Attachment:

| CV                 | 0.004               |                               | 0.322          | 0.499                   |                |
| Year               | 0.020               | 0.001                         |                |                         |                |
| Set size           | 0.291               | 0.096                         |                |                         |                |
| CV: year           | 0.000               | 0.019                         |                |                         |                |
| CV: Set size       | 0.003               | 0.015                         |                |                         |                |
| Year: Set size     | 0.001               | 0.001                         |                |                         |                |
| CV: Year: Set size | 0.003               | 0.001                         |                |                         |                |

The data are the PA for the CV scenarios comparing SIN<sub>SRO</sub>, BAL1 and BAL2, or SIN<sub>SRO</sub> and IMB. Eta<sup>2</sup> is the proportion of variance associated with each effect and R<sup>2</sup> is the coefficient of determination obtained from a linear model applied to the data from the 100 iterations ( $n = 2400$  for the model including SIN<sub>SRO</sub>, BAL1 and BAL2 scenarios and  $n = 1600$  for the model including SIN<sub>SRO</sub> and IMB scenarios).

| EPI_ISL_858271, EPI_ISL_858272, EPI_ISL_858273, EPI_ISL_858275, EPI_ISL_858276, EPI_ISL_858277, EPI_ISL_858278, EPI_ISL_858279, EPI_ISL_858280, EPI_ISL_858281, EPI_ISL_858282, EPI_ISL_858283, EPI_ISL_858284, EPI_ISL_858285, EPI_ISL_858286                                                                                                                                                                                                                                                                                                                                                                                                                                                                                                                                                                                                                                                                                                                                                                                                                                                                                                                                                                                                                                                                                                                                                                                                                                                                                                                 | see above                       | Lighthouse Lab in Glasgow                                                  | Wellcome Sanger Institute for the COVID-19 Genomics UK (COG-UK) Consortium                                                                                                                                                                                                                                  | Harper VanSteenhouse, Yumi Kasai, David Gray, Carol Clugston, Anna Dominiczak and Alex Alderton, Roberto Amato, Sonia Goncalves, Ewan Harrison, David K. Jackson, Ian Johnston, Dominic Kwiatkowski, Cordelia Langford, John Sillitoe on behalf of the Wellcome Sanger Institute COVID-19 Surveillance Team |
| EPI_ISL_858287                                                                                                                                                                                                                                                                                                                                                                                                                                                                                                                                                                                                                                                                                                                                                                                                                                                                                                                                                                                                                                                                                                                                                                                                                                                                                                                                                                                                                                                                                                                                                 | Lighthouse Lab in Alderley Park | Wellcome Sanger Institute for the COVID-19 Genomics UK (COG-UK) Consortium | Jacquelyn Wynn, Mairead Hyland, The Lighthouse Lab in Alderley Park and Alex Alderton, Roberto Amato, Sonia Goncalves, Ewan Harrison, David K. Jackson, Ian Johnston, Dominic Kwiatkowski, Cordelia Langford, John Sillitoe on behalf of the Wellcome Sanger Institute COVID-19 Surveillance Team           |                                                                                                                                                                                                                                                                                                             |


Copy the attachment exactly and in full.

| CV                 | 0.004               |                               | 0.322          | 0.499                   |                |
| Year               | 0.020               | 0.001                         |                |                         |                |
| Set size           | 0.291               | 0.096                         |                |                         |                |
| CV: year           | 0.000               | 0.019                         |                |                         |                |
| CV: Set size       | 0.003               | 0.015                         |                |                         |                |
| Year: Set size     | 0.001               | 0.001                         |                |                         |                |
| CV: Year: Set size | 0.003               | 0.001                         |                |                         |                |

The data are the PA for the CV scenarios comparing SIN<sub>SRO</sub>, BAL1 and BAL2, or SIN<sub>SRO</sub> and IMB. Eta<sup>2</sup> is the proportion of variance associated with each effect and R<sup>2</sup> is the coefficient of determination obtained from a linear model applied to the data from the 100 iterations ( $n = 2400$  for the model including SIN<sub>SRO</sub>, BAL1 and BAL2 scenarios and  $n = 1600$  for the model including SIN<sub>SRO</sub> and IMB scenarios).

| EPI_ISL_858271, EPI_ISL_858272, EPI_ISL_858273, EPI_ISL_858275, EPI_ISL_858276, EPI_ISL_858277, EPI_ISL_858278, EPI_ISL_858279, EPI_ISL_858280, EPI_ISL_858281, EPI_ISL_858282, EPI_ISL_858283, EPI_ISL_858284, EPI_ISL_858285, EPI_ISL_858286                                                                                                                                                                                                                                                                                                                                                                                                                                                                                                                                                                                                                                                                                                                                                                                                                                                                                                                                                                                                                                                                                                                                                                                                                                                                                                                 | see above                       | Lighthouse Lab in Glasgow                                                  | Wellcome Sanger Institute for the COVID-19 Genomics UK (COG-UK) Consortium                                                                                                                                                                                                                                  | Harper VanSteenhouse, Yumi Kasai, David Gray, Carol Clugston, Anna Dominiczak and Alex Alderton, Roberto Amato, Sonia Goncalves, Ewan Harrison, David K. Jackson, Ian Johnston, Dominic Kwiatkowski, Cordelia Langford, John Sillitoe on behalf of the Wellcome Sanger Institute COVID-19 Surveillance Team |
| EPI_ISL_858287                                                                                                                                                                                                                                                                                                                                                                                                                                                                                                                                                                                                                                                                                                                                                                                                                                                                                                                                                                                                                                                                                                                                                                                                                                                                                                                                                                                                                                                                                                                                                 | Lighthouse Lab in Alderley Park | Wellcome Sanger Institute for the COVID-19 Genomics UK (COG-UK) Consortium | Jacquelyn Wynn, Mairead Hyland, The Lighthouse Lab in Alderley Park and Alex Alderton, Roberto Amato, Sonia Goncalves, Ewan Harrison, David K. Jackson, Ian Johnston, Dominic Kwiatkowski, Cordelia Langford, John Sillitoe on behalf of the Wellcome Sanger Institute COVID-19 Surveillance Team           |                                                                                                                                                                                                                                                                                                             |